HOW TO TEST AND SELL COMPUTER MEMORY.
One of the best components that you can sell from your older computer is the RAM. There are likely to be many people who want to add memory to their still working older machines and they don't want to pay new prices for it (especially if it is hard to find new). The RAM is only likely to sell for a good price if you TEST it first.
To do this you will need to download a program called Memtest86. The latest versions run from CD or USB Flash Drive, but the earlier ones can even be run on a floppy disk. The best way to use it is to create a bootable USB stick (see the Memtest site for instructions) That way you can take it from machine to machine).
The Memtest site has all the instructions on how to set it up: To check it out CLICK HERE
Want to know more about RAM? maybe not...but if you do, this guy is the place to start with. Scott Mueller's book "Upgrading And Repairing PC's" is the book that gave me the confidence to work with PC hardware. He used to have an "Ask Scott" forum, where you could ask him technical questions but this seems to have now disappeared. However, THIS LINK will take you to an extract on RAM from the most recent version of the aforementioned book. It's a great summary.
Memtest86 starts running and it's sole task is to put your memory (one stick at a time) through a set of tests to see if it passes as OK. Some memory appears fine on the first few passes, but errors can suddenly come up when it gets put under stress, so it's good to run Memtest for four passes in case this happens. Note that you can only test RAM that fits the slots in your test machine!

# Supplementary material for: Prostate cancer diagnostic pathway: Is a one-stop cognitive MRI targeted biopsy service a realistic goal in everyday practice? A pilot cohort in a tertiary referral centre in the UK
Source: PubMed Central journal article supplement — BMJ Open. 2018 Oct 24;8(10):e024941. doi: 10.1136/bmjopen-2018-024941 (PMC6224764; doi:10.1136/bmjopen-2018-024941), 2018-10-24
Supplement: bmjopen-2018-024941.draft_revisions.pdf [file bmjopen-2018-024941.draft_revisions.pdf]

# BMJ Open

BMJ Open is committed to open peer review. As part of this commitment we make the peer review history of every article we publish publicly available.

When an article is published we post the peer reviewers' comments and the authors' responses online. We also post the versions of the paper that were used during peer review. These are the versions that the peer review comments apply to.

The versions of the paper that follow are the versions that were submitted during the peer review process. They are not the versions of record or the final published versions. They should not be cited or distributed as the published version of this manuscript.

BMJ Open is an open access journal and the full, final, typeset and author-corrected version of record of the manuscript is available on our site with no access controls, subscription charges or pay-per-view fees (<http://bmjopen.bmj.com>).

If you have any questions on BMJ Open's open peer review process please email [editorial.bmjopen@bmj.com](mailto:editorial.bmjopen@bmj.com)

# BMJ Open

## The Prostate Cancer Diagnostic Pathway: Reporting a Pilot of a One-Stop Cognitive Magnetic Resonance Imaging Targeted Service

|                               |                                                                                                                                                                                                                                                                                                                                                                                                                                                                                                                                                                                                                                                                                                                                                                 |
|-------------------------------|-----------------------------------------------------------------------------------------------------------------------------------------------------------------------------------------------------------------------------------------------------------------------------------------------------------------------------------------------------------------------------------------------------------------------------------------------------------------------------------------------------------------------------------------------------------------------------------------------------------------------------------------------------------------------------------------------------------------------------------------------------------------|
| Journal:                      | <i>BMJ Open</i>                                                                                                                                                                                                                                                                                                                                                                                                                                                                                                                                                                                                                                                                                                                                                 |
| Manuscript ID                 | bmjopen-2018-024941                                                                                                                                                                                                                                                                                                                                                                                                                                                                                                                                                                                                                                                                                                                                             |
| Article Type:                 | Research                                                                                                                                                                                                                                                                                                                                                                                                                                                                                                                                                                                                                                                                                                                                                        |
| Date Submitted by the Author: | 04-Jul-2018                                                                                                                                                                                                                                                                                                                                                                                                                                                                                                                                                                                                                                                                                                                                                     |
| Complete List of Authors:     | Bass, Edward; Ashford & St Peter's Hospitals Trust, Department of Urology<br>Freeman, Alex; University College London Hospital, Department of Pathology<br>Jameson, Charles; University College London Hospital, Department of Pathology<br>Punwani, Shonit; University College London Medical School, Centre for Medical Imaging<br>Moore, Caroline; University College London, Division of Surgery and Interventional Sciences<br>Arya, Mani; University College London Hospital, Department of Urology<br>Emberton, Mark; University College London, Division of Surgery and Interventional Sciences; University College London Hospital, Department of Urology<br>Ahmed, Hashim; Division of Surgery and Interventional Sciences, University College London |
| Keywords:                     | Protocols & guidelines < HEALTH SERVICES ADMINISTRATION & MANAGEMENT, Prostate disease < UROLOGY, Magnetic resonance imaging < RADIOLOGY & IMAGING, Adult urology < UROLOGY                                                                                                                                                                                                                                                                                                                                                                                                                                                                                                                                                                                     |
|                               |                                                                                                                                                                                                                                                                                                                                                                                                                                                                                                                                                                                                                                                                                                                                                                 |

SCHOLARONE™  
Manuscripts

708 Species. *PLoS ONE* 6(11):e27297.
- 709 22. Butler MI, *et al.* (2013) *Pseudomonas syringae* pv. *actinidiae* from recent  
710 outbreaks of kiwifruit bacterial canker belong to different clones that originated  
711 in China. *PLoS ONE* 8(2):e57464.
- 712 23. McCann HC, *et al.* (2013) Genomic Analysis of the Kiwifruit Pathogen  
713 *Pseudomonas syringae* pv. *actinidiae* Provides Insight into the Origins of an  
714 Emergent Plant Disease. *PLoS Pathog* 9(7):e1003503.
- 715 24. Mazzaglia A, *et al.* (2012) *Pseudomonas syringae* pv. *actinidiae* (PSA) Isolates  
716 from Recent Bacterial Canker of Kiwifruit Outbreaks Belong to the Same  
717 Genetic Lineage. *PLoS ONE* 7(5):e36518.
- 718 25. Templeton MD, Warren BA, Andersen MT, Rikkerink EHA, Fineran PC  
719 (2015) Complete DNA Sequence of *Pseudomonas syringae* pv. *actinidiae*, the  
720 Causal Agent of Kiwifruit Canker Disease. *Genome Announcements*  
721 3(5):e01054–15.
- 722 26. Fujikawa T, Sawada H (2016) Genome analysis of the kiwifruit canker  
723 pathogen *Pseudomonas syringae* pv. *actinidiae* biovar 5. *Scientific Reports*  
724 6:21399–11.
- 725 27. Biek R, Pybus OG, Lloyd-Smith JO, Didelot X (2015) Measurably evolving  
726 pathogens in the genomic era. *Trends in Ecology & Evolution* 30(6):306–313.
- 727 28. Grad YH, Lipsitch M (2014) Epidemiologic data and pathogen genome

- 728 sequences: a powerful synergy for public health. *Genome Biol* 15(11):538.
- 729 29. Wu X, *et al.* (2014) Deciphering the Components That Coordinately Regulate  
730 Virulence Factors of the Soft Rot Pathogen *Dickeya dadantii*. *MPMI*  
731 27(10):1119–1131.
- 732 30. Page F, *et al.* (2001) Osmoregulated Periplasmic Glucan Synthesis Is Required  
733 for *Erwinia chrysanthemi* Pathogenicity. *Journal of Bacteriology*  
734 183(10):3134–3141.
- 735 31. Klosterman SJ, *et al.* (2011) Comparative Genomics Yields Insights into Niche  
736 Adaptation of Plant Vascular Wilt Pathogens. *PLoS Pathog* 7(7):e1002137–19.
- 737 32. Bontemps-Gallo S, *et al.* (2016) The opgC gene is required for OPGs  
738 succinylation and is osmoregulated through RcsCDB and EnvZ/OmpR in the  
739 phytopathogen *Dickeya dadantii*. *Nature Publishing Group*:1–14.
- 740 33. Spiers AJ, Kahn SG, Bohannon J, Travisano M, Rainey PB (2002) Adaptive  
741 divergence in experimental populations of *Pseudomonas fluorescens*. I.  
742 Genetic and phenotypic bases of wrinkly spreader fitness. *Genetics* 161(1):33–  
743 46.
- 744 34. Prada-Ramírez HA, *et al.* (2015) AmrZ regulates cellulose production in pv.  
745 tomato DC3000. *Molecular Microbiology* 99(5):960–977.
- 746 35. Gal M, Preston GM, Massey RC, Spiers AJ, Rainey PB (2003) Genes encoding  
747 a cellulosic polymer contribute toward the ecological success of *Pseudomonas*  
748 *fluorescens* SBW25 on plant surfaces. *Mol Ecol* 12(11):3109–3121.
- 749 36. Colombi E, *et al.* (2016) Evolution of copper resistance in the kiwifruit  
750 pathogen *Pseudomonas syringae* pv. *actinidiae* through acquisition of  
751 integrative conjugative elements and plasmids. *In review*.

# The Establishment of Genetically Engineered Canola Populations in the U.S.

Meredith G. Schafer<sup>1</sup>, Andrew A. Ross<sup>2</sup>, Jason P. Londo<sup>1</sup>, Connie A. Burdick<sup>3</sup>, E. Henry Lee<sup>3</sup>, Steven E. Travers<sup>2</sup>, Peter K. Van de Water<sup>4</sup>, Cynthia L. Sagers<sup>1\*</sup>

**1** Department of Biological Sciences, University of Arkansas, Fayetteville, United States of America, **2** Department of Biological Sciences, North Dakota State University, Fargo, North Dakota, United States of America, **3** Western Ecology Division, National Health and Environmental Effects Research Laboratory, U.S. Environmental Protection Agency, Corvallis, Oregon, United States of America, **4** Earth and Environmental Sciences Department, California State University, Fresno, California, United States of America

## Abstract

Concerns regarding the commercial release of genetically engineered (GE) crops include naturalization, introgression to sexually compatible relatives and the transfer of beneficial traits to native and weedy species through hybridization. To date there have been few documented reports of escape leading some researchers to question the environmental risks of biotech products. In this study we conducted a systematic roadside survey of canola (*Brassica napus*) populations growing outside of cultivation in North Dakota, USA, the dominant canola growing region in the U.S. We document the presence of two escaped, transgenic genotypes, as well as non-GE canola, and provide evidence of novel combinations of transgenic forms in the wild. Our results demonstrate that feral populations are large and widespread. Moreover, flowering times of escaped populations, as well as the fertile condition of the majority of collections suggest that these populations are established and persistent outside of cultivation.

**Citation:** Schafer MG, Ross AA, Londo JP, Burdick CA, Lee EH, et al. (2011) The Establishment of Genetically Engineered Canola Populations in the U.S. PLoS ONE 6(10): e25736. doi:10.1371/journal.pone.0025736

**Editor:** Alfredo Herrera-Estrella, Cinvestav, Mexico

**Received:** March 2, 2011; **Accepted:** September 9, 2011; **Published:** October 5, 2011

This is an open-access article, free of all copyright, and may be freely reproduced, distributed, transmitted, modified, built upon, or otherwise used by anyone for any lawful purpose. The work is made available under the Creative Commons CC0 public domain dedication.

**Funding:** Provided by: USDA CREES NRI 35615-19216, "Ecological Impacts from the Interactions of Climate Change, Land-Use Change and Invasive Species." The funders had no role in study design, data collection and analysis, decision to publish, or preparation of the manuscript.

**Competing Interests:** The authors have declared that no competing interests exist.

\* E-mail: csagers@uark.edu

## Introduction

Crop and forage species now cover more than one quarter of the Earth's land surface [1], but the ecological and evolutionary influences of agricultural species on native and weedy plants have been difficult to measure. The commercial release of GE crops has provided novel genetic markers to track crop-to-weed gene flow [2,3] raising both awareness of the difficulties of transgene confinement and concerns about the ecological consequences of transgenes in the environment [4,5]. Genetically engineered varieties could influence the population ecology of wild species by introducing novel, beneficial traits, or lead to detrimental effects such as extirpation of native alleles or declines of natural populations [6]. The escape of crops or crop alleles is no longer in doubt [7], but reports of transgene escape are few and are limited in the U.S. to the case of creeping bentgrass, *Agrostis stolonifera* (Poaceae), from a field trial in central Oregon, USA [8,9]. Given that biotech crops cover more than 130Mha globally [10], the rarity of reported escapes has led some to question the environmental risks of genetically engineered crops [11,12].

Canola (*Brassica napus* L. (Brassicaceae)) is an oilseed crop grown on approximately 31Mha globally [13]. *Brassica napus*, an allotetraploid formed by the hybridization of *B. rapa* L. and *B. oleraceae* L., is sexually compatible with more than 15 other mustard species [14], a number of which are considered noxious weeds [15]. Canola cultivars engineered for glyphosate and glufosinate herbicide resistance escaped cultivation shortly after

WHAT SELLS WELL (MARCH 2022)
Time and technology moves on. Not all older RAM is worth trying to sell. I quit trying to sell DDR2 RAM about 12 months ago, as there was no real demand. However, DDR3 RAM is still selling well, as there are a lot of people who have older machines that use it. The SIZE of the RAM is also a factor. I now sell only 4Gb (and larger) DDR3 sticks. Most people will only want 2 extra sticks in their machines and they want the best increase in memory size they can get. 1 and 2Gb sticks don't tend to sell well or sell for a lot less. This applies to both Desktop and Laptop RAM.
There is still an active (but diminishing) market for ECC RAM (usually found in servers). It turns out that there are quite a lot of Mac Pro (tower) owners keeping their old 2009 - 2012 machines going and they take DDR3 ECC RAM...the more the better. I sell 8Gb and 16Gb sticks that I get from old servers to these owners. I test them in my 2010 Mac Pro (one stick at a time) and usually sell them in pairs.